I don’t have a green thumb. Moreover, my plants know it: they lie down and die right before my eyes. It wasn’t always so. I once had plants in every room. On the windowsill was a blooming begonia. In the corner of the living room, in direct sunlight was a fichus, so stunning, my husband paid more attention to it than he did me. In the bathroom, a potted palm that thrived on showers peered down at my naked body like a voyeur.
Then, I got lazy. I resented treating my plants like children. I never baby talked to my kids, and I refused to stoop to this level with my anthodium and African violets. I felt ridiculous humming tunes like Tiptoe through the Tulips, or regaling them with passages from How Green was my Valley, which, I was told would add years to a plant’s life.
My dental hygienist said that plants enjoy poetry, and need to be cleaned regularly.
So, I flossed their stems and began reciting verse. My Gesneriads were particularly fond of Keats, while my Fittonia was a devotee of Longfellow. But, nothing happened.
I thought the world had gone mad when my friend revealed a well-kept secret: for years she had performed the soliloquy from McBeth in front of her strelitzia.
“These plants were raised on intellect and culture,” she said. “My little narcissus thrives on the classics.
I went home and read the entire first act of Romeo and Juliet to my geranium. It didn’t seem to care. I got so mad I spritzed it with water until it required CPR.
“Plants are like pets,” a veterinarian had once told me after I had admired his yucca tree.”
“If you take on the responsibility of owning them, you must treat them with the kindness and respect they deserve. Care for them as you would a cat.”
I put a bowl of Friskies in from of my schefflera, and hoped for the best.
But, my heart wasn’t in it and my plants, knowing that, refused to grow. I was guilty of the worst possible gardening crime: terminal neglect.
Then, one day when every plant in the house had drooped, I decided to mend my ways. I stocked up on plant care books, and threw a little sugar and honey into their water to sweeten their roots. My petunia went into a diabetic coma.
After that, I devoted my entire life to the care and nurturing of my fuchsia and freesia. I gave up visits with my friends to stay home and have tea with my philodendron.
“You look divine,” I told it, offering it a scone.
And the philodendron, knowing I was lying through my teeth, withered at my feet.
Despite my poor success rate, I continued to try. I talked to them, smiled at them and fondled every leaf. Hearing that light is a plant’s bread, I put my purple-passion vine in a candle-lit room and whispered sweet nothings into its stems. By the end of the month it had croaked. The others looked ready for intensive care.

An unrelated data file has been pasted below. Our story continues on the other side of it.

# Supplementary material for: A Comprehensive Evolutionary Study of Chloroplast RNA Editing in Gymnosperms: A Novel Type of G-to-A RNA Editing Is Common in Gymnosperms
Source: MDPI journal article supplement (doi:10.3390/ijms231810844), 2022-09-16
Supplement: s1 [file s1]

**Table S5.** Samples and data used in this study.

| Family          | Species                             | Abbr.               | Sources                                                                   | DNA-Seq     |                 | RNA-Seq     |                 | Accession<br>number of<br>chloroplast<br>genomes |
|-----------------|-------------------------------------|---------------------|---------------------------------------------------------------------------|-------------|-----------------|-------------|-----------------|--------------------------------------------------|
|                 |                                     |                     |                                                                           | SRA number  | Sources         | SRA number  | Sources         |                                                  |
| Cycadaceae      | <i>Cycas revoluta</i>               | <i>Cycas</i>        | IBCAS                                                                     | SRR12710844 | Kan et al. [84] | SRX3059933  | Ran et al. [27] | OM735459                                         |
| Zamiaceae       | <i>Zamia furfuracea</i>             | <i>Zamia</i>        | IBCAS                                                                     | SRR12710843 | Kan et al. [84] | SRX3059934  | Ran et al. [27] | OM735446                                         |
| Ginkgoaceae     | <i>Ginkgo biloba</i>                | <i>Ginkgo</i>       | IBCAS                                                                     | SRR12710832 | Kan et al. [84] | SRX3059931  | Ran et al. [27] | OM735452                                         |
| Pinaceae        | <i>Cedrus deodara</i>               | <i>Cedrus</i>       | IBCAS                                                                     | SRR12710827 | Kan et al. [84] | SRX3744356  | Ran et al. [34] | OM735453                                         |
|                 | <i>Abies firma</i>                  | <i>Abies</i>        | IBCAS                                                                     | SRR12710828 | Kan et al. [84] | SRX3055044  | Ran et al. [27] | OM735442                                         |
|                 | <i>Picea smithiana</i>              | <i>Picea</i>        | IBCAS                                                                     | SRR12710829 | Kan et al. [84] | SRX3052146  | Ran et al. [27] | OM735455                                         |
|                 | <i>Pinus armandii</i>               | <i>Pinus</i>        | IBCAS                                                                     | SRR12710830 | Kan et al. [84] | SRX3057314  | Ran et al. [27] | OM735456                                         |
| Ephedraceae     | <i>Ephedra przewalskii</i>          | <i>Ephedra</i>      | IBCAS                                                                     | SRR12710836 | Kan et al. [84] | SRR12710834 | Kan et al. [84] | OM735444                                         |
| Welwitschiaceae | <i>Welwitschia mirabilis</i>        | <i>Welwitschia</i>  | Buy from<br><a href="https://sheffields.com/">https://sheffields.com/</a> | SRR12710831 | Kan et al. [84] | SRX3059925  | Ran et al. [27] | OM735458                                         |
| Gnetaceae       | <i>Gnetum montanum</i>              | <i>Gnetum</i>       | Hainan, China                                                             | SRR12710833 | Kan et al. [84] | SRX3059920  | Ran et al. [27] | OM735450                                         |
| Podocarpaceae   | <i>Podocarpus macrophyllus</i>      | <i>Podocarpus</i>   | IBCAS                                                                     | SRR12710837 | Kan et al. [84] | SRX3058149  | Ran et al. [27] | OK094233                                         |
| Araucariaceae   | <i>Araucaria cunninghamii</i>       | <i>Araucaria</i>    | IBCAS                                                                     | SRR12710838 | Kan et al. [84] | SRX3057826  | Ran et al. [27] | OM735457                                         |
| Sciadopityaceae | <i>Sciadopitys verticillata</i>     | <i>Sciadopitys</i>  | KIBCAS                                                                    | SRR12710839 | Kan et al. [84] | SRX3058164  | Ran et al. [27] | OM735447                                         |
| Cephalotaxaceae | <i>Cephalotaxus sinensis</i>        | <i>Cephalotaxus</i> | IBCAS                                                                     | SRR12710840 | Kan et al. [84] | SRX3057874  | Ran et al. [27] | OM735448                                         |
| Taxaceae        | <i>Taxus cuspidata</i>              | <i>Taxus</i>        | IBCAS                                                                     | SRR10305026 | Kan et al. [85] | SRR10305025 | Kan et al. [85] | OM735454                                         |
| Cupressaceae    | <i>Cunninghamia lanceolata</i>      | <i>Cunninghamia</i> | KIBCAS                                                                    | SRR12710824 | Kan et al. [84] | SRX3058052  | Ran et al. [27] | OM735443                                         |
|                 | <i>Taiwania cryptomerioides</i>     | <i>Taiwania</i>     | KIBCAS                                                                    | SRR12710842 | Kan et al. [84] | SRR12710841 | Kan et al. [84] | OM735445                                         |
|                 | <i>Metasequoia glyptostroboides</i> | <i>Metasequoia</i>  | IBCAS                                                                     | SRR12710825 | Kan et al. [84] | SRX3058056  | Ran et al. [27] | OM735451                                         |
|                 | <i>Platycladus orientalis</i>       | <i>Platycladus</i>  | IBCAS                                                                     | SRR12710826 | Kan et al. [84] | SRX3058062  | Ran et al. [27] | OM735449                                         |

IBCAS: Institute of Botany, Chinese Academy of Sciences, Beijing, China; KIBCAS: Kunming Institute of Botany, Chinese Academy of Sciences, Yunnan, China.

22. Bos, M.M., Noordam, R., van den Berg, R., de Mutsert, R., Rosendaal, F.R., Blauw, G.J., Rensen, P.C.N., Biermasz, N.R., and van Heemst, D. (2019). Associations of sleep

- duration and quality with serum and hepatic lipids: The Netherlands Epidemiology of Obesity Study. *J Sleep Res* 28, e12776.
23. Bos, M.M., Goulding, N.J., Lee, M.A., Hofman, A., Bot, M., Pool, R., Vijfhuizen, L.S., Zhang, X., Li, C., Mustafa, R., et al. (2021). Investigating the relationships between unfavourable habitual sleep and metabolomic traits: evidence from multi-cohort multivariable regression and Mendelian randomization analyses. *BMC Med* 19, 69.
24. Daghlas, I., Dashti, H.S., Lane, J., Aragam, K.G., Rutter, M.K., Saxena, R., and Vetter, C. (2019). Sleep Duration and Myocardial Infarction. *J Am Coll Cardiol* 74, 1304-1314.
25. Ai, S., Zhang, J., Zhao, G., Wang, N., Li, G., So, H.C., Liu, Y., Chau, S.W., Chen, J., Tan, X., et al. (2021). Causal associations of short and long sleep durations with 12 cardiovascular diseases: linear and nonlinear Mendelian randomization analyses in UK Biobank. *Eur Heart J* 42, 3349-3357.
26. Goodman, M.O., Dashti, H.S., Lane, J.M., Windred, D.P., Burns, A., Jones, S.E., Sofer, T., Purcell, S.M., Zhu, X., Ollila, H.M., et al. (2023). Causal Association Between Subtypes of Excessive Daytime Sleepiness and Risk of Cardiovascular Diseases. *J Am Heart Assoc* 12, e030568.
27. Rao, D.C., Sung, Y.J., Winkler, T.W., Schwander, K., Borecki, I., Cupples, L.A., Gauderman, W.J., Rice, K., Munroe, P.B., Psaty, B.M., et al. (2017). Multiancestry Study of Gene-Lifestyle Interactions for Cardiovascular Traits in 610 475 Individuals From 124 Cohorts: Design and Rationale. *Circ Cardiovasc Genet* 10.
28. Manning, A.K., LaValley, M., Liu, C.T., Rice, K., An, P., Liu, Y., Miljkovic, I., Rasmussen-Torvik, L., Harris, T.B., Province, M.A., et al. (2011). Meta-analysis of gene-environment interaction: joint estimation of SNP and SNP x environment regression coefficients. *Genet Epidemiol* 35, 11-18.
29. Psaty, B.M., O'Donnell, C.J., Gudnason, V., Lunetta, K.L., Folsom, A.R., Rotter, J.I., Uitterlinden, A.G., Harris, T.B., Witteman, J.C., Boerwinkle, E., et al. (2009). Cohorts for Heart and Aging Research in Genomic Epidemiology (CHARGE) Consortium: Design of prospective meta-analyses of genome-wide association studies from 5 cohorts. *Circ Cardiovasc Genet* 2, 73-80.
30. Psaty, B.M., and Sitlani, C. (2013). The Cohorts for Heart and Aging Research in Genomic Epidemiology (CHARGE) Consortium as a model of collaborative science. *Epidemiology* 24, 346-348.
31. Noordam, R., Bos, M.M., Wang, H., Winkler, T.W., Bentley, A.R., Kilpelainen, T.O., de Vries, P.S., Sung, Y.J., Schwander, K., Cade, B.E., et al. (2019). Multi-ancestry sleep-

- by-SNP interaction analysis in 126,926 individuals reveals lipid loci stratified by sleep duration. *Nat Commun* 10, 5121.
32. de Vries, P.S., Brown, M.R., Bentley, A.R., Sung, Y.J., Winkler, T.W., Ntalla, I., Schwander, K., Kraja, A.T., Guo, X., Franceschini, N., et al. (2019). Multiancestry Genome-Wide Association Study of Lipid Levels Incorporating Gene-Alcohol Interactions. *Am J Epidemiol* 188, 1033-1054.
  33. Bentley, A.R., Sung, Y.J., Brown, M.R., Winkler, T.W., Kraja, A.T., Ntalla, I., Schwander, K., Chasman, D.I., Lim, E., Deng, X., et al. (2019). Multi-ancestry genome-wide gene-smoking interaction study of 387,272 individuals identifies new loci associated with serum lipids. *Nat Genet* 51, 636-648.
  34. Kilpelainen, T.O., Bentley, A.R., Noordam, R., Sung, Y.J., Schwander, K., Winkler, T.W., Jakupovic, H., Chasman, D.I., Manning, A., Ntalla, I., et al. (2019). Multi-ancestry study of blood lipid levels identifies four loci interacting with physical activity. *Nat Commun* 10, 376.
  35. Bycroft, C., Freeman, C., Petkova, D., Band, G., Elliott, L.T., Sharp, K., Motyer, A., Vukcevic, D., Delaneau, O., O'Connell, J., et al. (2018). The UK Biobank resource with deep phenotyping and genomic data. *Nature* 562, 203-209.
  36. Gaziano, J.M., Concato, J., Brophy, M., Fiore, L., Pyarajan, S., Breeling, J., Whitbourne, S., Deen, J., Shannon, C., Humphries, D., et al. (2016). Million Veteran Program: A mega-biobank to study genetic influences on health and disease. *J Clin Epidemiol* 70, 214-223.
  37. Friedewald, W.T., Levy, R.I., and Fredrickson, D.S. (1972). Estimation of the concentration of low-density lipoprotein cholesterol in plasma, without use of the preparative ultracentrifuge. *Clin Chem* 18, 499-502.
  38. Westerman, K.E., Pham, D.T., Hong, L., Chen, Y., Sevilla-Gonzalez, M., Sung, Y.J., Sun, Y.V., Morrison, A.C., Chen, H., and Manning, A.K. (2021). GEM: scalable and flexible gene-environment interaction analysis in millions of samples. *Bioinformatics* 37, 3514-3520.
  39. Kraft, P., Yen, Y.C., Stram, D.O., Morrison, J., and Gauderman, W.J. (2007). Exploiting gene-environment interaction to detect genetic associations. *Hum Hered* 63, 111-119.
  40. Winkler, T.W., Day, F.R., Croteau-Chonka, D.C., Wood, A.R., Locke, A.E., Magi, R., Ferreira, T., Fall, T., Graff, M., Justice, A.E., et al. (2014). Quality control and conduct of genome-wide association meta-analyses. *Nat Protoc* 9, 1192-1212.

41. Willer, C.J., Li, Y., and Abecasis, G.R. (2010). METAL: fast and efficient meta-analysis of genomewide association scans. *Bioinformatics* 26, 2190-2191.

“Buy a cactus,” my friend suggested. “They’re maintenance-free.”Read Full Article
“What, and be pricked to death by an irate ecchymosis?” I said.
“You need to develop a plant attitude,” my neighbor Cynthia advised. “Think green.”
She took me for a stroll through her backyard, which resembles the Botanical Gardens.
I stood there feeling forlorn and hopeless, while Cynthia planted a kiss on her azalea bush.
Then, one afternoon I received a call from a friend, who was leaving on a two-week vacation.
“Do me a favor,” she said. “Could you tend my plants while I’m away?”
“Define ‘tend,’” I said.
“Just come and check on them every few days, and water them when their pots are dry.”
Dare I tell her that if I so much as glanced at anything green it might expire right on the spot?
When I agreed, her “must-do” list got longer. “You should also give them a dollop of plant food, half an aspirin mixed in some sugar, and most importantly, talk to them for 10-minutes. They thrive on banter.”
So, every afternoon, I went to her house and told them some of my best jokes. I also sang a few bars of “My Wild Irish Rose.” Miraculously, they survived.
After a while, I couldn’t handle the whole affair. I was a plant deviant. I decided to farm out my plants to family members. I gave my daughter most of them, thinking that being around my grandchildren would breathe new life into their veins. Instead, my Wandering Jew had a nervous breakdown.
I’ve been without them for a while now, and frankly I miss my potted pals, who once added color to my life. Last week, I took my friend’s advice: I went out and bought a prickly cactus to keep me company. It sits in the sun all day minding its own business. The two of work well together: I don’t touch it, and it ignores me.
Westporter Judith Marks-White shares her humorous views every month in the Westport News. She can be reached at firstname.lastname@example.org or at judithmarks-white.com.